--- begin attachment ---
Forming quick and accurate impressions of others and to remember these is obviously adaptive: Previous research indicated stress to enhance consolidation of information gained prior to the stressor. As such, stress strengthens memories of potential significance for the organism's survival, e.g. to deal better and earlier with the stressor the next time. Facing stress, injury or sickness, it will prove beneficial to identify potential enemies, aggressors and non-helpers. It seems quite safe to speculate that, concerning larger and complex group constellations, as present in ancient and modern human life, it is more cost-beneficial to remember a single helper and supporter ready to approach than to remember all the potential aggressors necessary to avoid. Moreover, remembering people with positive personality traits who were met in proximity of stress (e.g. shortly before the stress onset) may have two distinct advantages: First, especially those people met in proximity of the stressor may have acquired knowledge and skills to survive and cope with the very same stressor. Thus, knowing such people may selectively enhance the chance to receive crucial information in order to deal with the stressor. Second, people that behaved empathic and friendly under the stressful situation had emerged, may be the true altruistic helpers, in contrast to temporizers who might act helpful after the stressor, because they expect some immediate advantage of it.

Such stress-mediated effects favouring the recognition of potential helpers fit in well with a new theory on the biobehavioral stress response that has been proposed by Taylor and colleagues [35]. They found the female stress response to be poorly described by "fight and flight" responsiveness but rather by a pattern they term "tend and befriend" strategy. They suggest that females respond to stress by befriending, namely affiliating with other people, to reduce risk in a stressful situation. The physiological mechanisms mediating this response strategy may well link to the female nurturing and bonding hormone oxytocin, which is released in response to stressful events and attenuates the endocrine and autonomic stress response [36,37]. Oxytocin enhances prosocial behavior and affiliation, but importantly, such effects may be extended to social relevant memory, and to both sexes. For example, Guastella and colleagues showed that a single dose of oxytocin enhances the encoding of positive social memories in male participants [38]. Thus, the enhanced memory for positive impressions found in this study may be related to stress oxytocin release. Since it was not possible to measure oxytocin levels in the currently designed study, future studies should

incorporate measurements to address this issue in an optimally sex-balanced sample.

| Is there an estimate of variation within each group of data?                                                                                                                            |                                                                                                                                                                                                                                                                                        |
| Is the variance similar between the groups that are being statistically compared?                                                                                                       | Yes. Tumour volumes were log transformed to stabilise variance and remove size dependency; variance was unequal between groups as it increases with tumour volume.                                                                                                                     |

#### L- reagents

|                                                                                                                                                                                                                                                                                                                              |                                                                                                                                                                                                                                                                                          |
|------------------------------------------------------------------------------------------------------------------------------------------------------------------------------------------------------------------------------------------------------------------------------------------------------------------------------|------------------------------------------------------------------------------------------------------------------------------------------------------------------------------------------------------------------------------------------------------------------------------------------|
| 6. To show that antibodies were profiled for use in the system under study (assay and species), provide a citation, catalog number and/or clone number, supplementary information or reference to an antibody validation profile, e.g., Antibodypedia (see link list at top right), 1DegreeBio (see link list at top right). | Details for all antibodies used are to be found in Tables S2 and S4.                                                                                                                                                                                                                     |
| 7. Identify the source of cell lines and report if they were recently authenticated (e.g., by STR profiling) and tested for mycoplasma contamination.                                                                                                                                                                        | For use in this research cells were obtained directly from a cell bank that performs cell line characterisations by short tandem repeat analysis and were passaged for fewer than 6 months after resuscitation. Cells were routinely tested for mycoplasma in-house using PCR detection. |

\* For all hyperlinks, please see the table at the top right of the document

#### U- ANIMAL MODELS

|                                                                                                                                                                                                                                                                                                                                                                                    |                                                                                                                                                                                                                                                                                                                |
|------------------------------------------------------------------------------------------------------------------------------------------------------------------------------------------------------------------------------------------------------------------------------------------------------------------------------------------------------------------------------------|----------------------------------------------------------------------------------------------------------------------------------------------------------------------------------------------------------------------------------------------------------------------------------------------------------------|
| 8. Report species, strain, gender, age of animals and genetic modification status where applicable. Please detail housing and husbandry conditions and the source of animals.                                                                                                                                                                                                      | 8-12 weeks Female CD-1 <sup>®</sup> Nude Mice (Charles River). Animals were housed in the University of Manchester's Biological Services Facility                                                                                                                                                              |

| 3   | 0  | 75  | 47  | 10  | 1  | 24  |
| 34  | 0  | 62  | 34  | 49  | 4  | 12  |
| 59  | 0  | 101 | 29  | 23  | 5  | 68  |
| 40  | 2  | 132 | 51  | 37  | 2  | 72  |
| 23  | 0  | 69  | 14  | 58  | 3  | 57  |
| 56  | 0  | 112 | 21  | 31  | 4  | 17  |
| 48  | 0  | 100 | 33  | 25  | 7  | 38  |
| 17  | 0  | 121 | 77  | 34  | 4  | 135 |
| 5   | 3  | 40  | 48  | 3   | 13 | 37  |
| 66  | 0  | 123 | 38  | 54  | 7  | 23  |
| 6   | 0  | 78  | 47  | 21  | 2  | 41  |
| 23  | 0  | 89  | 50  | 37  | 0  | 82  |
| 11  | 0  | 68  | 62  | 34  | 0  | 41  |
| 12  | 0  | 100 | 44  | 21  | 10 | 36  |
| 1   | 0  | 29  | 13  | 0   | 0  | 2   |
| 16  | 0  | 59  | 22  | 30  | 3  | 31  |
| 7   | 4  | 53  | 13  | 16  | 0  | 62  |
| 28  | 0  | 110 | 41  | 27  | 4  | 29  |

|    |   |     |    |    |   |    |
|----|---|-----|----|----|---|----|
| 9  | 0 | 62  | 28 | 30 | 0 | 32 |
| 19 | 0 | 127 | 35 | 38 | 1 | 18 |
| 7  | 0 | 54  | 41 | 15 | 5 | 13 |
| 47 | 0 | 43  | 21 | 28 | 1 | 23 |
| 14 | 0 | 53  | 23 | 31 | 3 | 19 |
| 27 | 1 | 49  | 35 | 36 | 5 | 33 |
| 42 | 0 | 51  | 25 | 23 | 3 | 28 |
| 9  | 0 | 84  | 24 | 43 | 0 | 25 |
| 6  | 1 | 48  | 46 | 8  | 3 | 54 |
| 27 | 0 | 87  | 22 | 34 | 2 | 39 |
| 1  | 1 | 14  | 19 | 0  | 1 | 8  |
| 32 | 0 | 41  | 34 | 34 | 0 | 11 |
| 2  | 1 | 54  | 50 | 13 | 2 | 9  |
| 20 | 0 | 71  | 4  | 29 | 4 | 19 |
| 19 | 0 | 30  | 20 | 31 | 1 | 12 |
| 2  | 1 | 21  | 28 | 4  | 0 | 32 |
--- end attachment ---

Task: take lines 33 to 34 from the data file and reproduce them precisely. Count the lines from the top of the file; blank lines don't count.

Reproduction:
| 28  | 0  | 110 | 41  | 27  | 4  | 29  |

|    |   |     |    |    |   |    |